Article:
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By: Theodore C. Peters
For years, litigants have battled over whether and to what extent state courts have concurrent jurisdiction over securities class actions brought under the Securities Act of 1933. The 1933 Act was enacted during the Great Depression following the stock market crash of 1929. The Act requires that, absent an exclusion, every offer or sale of securities that uses the means and instrumentalities of interstate commerce to be registered with the SEC. Prior to the Act, securities regulation was primarily governed by state laws, also known as blue sky laws. Such laws, however, were left intact after the passing of the 1933 Act, paving the way for continued state court jurisdiction over many types of securities claims.
In 1988, Congress enacted the Securities Litigation Uniform Standards Act (“SLUSA”) which provided that “[n]o covered class action based upon the statutory or common law of any State or subdivision thereof may be maintained in any State or Federal court by any private party alleging – (A) a misrepresentation or omission of a material fact in connection with the purchase or sale of a covered security, or (B) that the defendant used or employed any manipulative or deceptive device or contrivance in connection with the purchase or sale of a covered security.” Additionally, SLUSA provided that all “covered class actions” (defined as a suit brought on behalf of more than 50 plaintiffs) filed in state courts could be removed to federal court. The U.S. Supreme Court ruled in 2006 that SLUSA operated to preempt certain state law claims arising from the fraud-induced purchase or sale of securities. Merrill Lynch v. Dabil, 547 U.S. 71 (2006).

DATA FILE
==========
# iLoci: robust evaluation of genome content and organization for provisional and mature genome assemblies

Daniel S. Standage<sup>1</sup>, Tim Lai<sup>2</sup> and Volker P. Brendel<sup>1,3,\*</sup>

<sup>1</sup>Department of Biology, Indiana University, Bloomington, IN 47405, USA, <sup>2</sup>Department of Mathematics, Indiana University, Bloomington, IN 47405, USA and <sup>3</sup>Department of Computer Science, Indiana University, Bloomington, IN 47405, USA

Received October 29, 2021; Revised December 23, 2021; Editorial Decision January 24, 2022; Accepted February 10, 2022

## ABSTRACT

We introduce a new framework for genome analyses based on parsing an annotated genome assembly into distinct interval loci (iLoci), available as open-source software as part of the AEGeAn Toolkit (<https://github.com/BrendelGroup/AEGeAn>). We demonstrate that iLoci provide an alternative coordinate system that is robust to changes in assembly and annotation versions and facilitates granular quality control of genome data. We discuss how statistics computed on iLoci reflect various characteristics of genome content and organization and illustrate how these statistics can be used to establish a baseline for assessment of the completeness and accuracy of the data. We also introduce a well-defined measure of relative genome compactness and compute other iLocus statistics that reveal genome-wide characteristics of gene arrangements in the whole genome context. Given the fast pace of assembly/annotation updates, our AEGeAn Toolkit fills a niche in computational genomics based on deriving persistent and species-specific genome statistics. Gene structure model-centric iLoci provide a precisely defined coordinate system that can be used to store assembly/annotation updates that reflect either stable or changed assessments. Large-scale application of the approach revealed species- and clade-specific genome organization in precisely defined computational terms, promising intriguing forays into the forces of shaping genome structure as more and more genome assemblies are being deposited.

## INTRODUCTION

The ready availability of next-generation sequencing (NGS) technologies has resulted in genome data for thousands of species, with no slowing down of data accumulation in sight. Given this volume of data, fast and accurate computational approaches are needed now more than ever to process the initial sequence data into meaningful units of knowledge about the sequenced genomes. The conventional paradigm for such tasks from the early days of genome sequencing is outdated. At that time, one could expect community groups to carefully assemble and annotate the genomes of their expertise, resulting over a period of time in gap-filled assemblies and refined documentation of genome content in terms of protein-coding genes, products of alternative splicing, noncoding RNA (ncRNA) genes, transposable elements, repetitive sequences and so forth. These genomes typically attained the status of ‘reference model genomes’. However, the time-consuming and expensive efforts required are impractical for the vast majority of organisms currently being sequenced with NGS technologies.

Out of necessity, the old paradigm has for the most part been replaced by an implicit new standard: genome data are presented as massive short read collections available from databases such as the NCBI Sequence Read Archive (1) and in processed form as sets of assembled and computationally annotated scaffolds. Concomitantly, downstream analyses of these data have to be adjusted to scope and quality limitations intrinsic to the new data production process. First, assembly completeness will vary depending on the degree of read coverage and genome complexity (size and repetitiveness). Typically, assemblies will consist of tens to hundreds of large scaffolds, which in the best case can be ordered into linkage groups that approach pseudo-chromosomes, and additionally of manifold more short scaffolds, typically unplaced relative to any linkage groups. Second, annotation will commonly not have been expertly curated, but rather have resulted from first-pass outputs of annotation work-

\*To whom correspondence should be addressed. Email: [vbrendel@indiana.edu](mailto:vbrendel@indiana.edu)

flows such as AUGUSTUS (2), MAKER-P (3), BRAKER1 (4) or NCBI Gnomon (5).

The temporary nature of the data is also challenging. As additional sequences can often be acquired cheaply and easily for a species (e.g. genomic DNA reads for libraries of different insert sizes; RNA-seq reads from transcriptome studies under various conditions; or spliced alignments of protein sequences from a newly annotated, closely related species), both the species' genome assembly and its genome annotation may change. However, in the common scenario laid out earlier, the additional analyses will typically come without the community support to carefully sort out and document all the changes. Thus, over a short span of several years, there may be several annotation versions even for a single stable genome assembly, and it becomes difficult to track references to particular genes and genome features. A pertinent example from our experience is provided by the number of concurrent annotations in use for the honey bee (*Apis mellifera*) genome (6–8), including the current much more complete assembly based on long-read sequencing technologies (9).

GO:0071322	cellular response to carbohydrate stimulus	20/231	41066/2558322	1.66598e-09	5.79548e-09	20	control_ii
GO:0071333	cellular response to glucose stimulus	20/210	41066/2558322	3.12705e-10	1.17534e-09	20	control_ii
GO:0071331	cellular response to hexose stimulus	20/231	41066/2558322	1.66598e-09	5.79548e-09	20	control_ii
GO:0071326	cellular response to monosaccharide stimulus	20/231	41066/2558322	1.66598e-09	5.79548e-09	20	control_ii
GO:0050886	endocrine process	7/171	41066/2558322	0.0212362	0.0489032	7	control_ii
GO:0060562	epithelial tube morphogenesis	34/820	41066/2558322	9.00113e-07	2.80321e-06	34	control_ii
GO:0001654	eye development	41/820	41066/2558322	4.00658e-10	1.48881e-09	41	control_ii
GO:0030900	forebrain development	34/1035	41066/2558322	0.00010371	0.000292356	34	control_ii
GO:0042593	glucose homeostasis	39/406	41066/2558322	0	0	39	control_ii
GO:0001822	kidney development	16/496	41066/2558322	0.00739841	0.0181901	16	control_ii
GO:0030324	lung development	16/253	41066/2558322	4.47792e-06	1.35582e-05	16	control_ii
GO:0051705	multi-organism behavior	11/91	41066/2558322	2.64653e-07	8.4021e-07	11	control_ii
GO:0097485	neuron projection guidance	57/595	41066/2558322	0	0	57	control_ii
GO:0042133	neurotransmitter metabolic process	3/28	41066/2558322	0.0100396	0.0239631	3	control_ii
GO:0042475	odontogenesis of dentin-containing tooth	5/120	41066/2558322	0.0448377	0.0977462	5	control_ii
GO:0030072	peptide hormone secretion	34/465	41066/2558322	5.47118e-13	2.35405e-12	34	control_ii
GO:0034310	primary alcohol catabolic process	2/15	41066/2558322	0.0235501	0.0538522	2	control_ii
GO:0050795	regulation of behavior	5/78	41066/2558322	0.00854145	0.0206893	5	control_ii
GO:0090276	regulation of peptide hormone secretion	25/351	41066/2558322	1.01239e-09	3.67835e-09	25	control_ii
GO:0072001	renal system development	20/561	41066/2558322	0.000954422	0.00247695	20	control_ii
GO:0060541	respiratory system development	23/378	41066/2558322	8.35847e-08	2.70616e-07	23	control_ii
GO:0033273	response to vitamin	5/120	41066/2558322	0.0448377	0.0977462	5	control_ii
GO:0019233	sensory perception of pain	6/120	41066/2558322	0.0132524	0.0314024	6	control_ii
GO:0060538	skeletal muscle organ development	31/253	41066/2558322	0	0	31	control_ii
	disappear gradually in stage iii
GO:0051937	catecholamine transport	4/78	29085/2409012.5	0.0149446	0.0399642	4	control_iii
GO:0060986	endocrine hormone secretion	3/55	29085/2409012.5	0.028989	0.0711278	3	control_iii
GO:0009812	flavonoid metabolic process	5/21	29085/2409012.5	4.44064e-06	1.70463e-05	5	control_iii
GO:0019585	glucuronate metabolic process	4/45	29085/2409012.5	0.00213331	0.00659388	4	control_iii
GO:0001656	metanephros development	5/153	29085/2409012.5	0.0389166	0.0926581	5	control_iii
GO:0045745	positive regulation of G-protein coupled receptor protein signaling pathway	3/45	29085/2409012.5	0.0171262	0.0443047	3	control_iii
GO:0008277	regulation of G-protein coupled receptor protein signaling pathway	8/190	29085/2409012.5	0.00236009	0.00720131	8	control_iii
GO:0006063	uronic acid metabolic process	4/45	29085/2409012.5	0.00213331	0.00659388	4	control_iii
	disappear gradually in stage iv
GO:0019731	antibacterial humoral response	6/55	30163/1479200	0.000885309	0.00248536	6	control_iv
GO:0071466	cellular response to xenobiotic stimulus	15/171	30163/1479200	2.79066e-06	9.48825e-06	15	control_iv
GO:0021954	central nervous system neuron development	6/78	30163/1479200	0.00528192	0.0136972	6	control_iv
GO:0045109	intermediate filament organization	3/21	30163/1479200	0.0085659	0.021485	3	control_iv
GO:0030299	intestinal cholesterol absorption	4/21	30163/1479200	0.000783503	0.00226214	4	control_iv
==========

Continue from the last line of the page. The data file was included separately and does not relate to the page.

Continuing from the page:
On March 20, 2018, in the case of Cyan v. Beaver County Employees Retirement Fund, a case arising from a California Court of Appeal, the U.S. Supreme Court unanimously concluded that while SLUSA may limit state court jurisdiction over certain securities class actions based on state law, SLUSA “does nothing to deprive state courts of jurisdiction over class actions based on federal law.” (Opinion at pg. 3) Cyan, a former telecommunications company, urged the court to decide that SLUSA preempted securities class actions, and that the statute should be interpreted as mandating that federal courts have exclusive jurisdiction of such actions. Not only did the high court find that SLUSA does not strip state courts of jurisdiction over class actions alleging violations of only the 1993 Act, it also concluded that SLUSA does not provide defendants with a right to remove such action from state to federal court.
If you have questions or would like more information, please contact Ted Peters at email@example.com.